Albany (The) is, although it is not supposed to be, a very convenient thoroughfare from Burlington Gardens to Picadilly. The Albany is a collection of queer houses, let as chambers. At present it has but little significance, but when George IV was old, and when Queen Victoria was young, the “Bachelor of the Albany” was a recognised variety of the “man about town”. Many literary celebrities have lived in the Albany; and in the days when the uncomfortable fashion of early breakfast parties obtained – when Sydney Smith jested, and when Rogers prosed – the old houses were a favourite resort of the wits and beaux of the time. The names of “Monk” Lewis, Macaulay, Bulwer and Bryon, and inseparably connected with these chambers.

Albemarle Club, 25 Albemarle Street, W. – For ladies and gentlemen; above 21 years old, if gentlemen; or 18 years if ladies. Entrance-fee £8 8s; subscription £5 5s.

Albert Hall, Kensington-road, was opened to the public in May 1871, and is a huge building of elliptical form in the style of the Italian Renaissance, the materials of the façade being entirely red brick and terra-cotta. The larger exterior diameter is 272 ft., interior 219 ft.; the smaller exterior 238 ft., interior 185 ft. The frieze above the balcony was executed by Messrs. Minton, Hollins & Co., and is divided into compartments containing allegorical designs, by Messrs. Armitage, Armstead, Horsley, Marks, Pickersgill, Poynter, and Yeames. There are two box entrances – on the east and west – with a private doorway from the Horticultural Society’s Gardens on the south side, and separate entrances on either side for the balcony, the gallery, and the area, and for the platforms on either side of the great organ. The interior, which is amphitheatrical in construction – like, for example, the Coliseum at Rome – is grotesquely inappropriate to any purpose for which it is ever likely to be required. For gladiatorial exhibitions of any kind, the central area, measuring 102ft. by 62ft., would, of course, though rather small, be capitally adapted. A bull-Light, even, on a very small scale, might be managed here. As a matter of fact, it is used almost exclusively for concerts, when the area is filled up with seats, and the surrounding tiers, specially constructed with a view to commanding the centre of the building, are filled with an audience whose entire attention is specially directed to the extremity, where a space has been chipped out for the orchestra. However, it is a “big thing,” at all events. At the top of the hall is the picture gallery, capable of accommodating 2,000 persons, and used on ordinary occasions as a promenade. There are hydraulic lifts to the upper floors. The hail is 135 ft. in height, and is crowned by a domed skylight of painted glass, having a central opening or lantern, with a star of gas-burners. Altogether the hall is calculated to hold an audience of about 8,ooo. The organ was built by Mr. Henry Willis. There are five rows of keys—belonging to the choir, great, solo, swell, and pedal organs—130 stops, and 10,000 pipes, the range being ten octaves. The orchestra accommodates 1,000 performers. Large tanks are provided in case of fire on the roof of the picture gallery, and supplied with water from the artesian well of the Royal Horticultural Society, 430 ft. deep, and reaching 80 ft. into the chalk. NEAREST Railway Stations, High-street, Kensington, and South Kensington ; Omnibus Route, Kensington-road; Cab Rank, Queen’s-gate.

Albert Memorial, Hyde park, opposite the Albert Hall. Erected to the memory of the late Prince Consort at a cost of £120,000. The memorial was designed by Sir Gilbert Scott, and consists of a bronze gilt statue of the Prince Consort by Foley, under a Gothic canopy, and surrounded by four groups of statuary—America by John Bell, Africa by Theed, Asia by Foley, and Europe by Macdowell. There are several smaller groups of statues by Weekes, Calder, Marshall, Thorneycroft, &c. Around the basement are a large number of life-sized figures by Birnie Phillip and Armstead. NEAREST Stations, &C., (see ALBERT HALL)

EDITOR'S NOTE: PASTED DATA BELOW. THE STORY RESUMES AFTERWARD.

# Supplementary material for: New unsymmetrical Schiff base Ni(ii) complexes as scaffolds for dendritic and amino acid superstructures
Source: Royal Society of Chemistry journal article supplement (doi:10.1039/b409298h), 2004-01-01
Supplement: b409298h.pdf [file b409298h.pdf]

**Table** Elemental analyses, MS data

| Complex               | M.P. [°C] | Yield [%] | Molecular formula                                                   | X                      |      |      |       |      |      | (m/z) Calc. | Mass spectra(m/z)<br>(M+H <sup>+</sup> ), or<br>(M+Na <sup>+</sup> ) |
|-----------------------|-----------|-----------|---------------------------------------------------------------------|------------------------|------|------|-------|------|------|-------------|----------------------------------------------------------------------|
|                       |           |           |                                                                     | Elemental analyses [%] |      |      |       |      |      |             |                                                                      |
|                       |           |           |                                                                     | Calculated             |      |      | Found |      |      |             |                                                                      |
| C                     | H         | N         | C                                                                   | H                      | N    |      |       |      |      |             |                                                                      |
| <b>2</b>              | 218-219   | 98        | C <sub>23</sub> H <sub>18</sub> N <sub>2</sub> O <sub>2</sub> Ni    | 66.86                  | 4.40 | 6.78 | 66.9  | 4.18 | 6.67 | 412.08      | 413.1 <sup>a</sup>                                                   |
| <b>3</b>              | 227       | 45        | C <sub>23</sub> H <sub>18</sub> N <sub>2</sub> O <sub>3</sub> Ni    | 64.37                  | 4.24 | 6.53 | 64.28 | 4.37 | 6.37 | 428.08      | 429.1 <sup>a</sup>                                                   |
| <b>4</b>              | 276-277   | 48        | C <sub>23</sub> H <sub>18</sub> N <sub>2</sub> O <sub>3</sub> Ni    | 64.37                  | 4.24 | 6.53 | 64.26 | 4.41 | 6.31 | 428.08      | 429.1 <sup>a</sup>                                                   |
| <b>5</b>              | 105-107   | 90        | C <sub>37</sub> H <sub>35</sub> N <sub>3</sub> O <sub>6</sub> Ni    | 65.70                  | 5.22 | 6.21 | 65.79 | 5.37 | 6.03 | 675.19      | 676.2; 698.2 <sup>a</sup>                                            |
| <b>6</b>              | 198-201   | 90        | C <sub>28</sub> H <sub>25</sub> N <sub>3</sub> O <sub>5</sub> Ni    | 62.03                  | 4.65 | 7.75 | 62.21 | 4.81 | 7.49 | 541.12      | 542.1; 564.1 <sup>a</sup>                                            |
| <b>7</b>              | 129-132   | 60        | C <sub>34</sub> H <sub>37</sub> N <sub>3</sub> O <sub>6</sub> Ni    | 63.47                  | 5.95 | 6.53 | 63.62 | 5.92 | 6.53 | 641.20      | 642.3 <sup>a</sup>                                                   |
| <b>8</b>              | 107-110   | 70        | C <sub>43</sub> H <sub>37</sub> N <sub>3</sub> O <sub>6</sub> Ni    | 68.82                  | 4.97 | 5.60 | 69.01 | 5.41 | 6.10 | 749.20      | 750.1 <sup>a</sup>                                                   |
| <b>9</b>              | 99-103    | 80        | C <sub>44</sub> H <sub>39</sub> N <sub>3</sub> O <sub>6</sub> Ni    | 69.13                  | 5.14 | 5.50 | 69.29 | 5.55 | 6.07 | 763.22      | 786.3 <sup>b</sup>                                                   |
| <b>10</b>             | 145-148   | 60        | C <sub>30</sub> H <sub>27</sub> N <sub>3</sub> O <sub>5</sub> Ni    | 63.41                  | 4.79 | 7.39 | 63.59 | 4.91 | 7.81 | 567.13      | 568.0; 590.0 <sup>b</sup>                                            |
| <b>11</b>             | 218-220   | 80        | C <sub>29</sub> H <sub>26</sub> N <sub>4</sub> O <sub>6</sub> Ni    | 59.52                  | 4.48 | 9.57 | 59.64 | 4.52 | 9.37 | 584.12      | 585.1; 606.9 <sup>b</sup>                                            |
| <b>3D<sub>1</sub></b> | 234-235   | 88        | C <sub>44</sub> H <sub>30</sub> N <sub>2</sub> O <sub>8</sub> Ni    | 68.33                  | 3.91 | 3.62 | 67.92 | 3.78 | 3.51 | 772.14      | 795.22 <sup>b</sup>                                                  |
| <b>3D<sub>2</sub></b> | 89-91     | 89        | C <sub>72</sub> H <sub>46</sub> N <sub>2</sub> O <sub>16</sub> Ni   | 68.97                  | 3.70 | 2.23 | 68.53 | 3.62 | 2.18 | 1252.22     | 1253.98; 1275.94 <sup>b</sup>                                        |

Alexandra Bridge is a hideous iron structure put together by the L. C. and D. R. Company to carry their line to Ludgate-hiIl and the Holborn-viaduct. It consists of long lines of gigantic lattice - work girders, inside of which the trains run, and which rest on rows of naked round iron cylinders.

Alexandra Palace and Park, Muswell Hill six miles north of London—A large building, from which extensive views of the surrounding country may be obtained. The entertainments provided are of the same class as those offered at the Crystal Palace. Admission, usually 1s. The grounds are covered with trees, which add greatly to the rural effect. The park contains about 300 acres, and comprises a racecourse, cricket and bicycling grounds, a lake, a trotting track, &c. Reached by rail from Moorgate-street and King’s - cross (G.N.). From Moorgate-street and Broad-street, 1st, 1/-, 1/10; 2nd, -/10 ¼ ; 3rd, -/7, ½ . From King’s-cross, 1st, -/11, 1/5 ; 2nd -/9. ½ ;  3rd, -/6, -/11. 

Alhambra Theatre, Leicester-square, originally the Panopticon-, a rival institution to the Polytechnic, then altered into a music-hall, and finally licensed as a theatre. Comic operas of the broader type are here given in English, the low comedy element being usually developed to the utmost extent. The specialty of the performance, however, is ballet and spectacle, in the mounting of which no expense is spared. The band is large and good. The house is spacious. All the best portion of the floor is allotted to stalls, which occupy a square space from the orchestra very nearly to the line of the boxes; the pit, which is not much more than a promenade, skirting it-on the three sides; an entrance being obtained through a recently constructed passage which passes along the right hand side of the promenade from the private box entrance. The pit and promenade run back under the box tiers, the lowest of which is occupied entirely with private boxes, having a separate entrance in the extreme southern corner of the façade. Above these comes the dress circle, which communicates with the large refreshment saloon, in which smoking is allowed. NEAREST Railway Stations, Charing.cross (Dist. & S.E.); Omnibus Routes, Regent-street, Piccadilly, St. Martin’s-lane, Strand.